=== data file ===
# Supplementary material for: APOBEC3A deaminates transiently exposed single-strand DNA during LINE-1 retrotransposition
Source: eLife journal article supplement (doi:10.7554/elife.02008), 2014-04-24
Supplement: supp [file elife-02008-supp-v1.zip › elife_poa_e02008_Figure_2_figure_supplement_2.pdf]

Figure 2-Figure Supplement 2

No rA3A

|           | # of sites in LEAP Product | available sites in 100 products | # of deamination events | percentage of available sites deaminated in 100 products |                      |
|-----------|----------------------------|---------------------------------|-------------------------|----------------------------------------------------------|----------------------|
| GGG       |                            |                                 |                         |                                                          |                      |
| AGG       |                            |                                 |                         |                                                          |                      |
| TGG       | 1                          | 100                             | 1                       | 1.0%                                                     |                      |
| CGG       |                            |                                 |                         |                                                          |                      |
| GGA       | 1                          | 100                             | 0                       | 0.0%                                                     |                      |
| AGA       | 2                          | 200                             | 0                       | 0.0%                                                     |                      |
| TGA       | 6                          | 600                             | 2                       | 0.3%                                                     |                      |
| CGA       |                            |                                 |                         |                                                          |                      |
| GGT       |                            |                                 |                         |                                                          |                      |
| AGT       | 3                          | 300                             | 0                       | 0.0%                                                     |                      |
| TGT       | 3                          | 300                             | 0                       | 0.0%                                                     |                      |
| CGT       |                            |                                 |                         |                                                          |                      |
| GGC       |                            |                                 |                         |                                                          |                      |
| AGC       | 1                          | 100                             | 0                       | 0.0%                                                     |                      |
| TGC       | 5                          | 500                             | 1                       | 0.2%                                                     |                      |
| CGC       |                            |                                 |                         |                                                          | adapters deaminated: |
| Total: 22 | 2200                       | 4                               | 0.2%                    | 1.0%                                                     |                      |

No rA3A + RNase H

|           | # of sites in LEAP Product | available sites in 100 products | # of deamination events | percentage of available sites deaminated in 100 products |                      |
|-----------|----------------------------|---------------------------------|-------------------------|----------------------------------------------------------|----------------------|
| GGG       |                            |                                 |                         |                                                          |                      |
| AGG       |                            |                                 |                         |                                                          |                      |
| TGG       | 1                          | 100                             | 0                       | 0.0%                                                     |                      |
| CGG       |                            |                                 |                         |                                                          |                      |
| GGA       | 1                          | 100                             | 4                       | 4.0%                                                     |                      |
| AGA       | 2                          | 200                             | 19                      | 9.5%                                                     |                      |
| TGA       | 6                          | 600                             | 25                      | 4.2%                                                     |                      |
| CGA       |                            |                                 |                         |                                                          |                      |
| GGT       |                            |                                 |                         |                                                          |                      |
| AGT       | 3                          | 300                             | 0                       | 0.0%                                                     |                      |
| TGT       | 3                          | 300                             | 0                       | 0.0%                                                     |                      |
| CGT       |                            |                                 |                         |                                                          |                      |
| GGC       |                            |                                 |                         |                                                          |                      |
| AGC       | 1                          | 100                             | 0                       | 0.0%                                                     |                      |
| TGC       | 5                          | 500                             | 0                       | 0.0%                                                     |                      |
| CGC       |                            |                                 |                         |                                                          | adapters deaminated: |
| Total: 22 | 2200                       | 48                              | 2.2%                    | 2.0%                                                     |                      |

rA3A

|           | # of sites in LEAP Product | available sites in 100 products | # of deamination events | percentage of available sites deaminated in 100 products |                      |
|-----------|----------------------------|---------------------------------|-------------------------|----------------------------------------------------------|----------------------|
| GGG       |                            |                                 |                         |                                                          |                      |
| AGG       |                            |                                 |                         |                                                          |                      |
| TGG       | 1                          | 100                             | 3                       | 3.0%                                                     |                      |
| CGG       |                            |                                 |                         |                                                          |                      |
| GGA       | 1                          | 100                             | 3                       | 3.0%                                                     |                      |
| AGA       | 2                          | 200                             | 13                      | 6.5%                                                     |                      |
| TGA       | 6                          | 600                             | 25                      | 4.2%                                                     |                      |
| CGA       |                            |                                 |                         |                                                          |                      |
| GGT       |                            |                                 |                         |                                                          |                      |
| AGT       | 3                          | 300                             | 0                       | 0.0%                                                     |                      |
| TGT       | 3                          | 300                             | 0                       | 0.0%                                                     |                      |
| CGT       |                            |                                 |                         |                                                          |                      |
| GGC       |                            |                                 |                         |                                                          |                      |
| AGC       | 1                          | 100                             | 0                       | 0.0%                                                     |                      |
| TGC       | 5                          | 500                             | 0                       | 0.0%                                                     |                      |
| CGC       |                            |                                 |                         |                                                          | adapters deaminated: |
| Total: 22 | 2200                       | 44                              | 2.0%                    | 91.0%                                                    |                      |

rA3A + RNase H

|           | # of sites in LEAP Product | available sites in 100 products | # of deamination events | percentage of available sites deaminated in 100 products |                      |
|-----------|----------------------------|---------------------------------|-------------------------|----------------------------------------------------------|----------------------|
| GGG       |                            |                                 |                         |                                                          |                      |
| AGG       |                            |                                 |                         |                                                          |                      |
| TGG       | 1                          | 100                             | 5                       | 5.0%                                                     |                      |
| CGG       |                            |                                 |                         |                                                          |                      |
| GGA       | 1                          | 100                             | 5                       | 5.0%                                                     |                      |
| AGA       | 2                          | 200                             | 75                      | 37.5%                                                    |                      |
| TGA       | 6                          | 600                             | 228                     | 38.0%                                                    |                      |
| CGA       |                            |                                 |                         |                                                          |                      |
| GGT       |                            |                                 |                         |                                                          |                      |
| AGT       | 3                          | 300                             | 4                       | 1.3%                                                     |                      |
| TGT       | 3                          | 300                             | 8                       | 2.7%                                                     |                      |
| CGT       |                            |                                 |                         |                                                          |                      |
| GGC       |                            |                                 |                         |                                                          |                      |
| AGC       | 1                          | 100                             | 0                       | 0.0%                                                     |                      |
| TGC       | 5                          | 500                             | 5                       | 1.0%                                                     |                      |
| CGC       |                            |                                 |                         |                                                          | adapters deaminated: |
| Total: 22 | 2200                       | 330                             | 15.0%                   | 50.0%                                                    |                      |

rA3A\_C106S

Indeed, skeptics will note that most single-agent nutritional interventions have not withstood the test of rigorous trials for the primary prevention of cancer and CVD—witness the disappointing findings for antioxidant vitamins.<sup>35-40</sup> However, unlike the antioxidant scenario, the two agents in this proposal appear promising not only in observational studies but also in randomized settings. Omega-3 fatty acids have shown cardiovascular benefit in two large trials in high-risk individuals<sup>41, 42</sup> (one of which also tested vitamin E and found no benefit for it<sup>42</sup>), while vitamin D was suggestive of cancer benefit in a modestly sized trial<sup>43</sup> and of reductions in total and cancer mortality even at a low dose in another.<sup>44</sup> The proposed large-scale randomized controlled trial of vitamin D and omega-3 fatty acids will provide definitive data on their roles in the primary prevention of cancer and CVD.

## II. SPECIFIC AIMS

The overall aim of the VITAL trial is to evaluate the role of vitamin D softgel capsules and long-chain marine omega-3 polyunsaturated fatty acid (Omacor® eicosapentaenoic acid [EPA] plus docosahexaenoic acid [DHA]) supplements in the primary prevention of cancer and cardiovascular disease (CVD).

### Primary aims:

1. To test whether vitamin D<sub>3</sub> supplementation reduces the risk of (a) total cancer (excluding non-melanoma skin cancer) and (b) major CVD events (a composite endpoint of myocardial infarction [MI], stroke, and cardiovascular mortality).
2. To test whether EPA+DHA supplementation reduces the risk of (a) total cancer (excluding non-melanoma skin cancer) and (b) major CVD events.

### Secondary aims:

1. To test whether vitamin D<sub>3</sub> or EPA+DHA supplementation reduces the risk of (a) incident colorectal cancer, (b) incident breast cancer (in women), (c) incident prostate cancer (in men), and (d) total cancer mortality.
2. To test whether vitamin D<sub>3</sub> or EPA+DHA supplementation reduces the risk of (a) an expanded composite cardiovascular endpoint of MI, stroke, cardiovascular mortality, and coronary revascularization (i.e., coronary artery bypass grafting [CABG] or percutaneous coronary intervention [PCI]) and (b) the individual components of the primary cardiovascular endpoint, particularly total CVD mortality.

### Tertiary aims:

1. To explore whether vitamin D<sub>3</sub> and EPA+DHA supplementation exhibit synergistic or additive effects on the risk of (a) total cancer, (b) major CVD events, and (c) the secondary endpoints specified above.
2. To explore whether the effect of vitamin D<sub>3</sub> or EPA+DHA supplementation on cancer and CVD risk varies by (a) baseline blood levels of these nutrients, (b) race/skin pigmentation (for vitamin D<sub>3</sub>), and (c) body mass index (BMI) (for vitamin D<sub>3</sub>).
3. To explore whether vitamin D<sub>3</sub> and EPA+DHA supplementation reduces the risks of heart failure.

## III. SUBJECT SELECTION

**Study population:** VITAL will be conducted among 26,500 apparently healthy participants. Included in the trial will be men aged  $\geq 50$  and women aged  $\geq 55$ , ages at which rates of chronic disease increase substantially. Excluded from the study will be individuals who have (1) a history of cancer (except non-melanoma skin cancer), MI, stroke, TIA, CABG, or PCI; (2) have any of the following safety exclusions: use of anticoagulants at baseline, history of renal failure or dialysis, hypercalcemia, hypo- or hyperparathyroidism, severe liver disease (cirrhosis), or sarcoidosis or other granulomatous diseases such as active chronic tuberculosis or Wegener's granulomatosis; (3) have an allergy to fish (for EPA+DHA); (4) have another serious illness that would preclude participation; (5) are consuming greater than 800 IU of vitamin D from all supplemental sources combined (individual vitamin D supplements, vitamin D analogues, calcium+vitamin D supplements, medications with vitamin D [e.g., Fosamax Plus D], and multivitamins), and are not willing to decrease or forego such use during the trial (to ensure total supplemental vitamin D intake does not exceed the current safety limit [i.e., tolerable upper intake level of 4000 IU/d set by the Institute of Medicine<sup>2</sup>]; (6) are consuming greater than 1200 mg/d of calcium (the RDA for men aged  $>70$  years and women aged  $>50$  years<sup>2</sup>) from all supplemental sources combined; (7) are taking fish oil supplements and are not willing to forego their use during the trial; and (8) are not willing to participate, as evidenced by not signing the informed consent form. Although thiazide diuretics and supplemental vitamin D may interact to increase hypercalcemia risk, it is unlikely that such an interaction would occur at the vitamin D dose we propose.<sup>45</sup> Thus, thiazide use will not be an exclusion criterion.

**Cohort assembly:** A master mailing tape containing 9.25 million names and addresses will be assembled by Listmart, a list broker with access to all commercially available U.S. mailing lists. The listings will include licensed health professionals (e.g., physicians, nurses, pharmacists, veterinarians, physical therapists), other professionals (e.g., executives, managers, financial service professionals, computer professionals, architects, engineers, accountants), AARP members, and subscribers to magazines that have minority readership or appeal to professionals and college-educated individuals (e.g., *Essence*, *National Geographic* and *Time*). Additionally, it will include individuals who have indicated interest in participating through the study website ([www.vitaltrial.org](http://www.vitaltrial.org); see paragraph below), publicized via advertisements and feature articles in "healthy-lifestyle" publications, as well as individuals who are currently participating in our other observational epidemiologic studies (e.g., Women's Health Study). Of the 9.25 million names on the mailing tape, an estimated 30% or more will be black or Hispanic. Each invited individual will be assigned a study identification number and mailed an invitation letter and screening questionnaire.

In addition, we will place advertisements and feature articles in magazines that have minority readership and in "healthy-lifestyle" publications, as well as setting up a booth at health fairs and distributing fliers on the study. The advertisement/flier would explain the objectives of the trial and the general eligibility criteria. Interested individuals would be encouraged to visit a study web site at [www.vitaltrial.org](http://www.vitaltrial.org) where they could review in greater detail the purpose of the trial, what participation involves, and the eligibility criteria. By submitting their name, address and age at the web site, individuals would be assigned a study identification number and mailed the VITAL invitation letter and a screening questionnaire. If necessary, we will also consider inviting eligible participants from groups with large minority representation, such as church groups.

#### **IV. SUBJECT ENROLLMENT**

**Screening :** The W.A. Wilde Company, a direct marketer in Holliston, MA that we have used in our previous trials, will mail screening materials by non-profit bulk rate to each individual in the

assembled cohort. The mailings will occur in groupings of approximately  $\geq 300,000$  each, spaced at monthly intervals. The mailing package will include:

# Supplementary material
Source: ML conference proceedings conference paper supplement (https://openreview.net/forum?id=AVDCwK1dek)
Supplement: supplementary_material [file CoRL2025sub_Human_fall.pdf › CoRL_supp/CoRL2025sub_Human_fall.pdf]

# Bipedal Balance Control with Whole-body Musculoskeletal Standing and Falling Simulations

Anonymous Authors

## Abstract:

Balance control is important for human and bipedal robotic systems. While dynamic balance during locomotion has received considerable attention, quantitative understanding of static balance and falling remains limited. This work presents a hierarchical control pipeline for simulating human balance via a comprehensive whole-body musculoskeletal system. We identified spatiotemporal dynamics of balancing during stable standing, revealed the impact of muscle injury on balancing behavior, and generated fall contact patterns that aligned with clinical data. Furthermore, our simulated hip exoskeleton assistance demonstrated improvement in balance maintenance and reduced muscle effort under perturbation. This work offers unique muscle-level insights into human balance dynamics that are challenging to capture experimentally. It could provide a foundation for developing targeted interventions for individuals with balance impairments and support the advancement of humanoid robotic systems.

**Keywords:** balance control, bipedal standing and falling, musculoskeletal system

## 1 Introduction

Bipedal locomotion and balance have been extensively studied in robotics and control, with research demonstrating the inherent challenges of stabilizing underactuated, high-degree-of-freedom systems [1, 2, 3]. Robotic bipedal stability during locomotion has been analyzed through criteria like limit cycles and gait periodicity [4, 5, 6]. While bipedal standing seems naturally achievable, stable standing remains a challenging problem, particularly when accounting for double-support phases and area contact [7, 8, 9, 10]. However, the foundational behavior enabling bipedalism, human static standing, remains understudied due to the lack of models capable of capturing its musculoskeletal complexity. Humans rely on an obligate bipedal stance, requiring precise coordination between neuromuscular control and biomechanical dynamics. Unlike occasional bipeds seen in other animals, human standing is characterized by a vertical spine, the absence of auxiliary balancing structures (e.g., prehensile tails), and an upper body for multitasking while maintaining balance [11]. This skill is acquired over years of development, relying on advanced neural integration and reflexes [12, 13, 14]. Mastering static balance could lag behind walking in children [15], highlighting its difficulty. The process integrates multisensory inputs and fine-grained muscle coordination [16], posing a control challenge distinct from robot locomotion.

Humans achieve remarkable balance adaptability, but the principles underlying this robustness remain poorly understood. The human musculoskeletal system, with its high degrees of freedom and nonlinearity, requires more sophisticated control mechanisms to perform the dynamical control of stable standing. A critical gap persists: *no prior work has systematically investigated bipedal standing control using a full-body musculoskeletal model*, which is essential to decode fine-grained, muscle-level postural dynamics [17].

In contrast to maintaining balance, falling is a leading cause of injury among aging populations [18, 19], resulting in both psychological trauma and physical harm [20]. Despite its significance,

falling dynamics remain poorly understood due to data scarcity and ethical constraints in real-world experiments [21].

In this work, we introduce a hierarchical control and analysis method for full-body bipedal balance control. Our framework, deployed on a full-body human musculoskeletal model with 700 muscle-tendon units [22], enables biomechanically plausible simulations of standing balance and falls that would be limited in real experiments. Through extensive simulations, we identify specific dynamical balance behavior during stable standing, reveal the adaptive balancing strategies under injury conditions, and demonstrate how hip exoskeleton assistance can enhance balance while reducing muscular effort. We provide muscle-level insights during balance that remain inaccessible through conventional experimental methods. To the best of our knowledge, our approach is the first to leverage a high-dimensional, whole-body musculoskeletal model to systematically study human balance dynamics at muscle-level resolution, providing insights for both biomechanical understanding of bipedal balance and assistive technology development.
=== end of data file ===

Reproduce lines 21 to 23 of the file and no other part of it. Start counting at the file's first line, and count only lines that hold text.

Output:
| AGC       | 1                          | 100                             | 0                       | 0.0%                                                     |                      |
| TGC       | 5                          | 500                             | 1                       | 0.2%                                                     |                      |
| CGC       |                            |                                 |                         |                                                          | adapters deaminated: |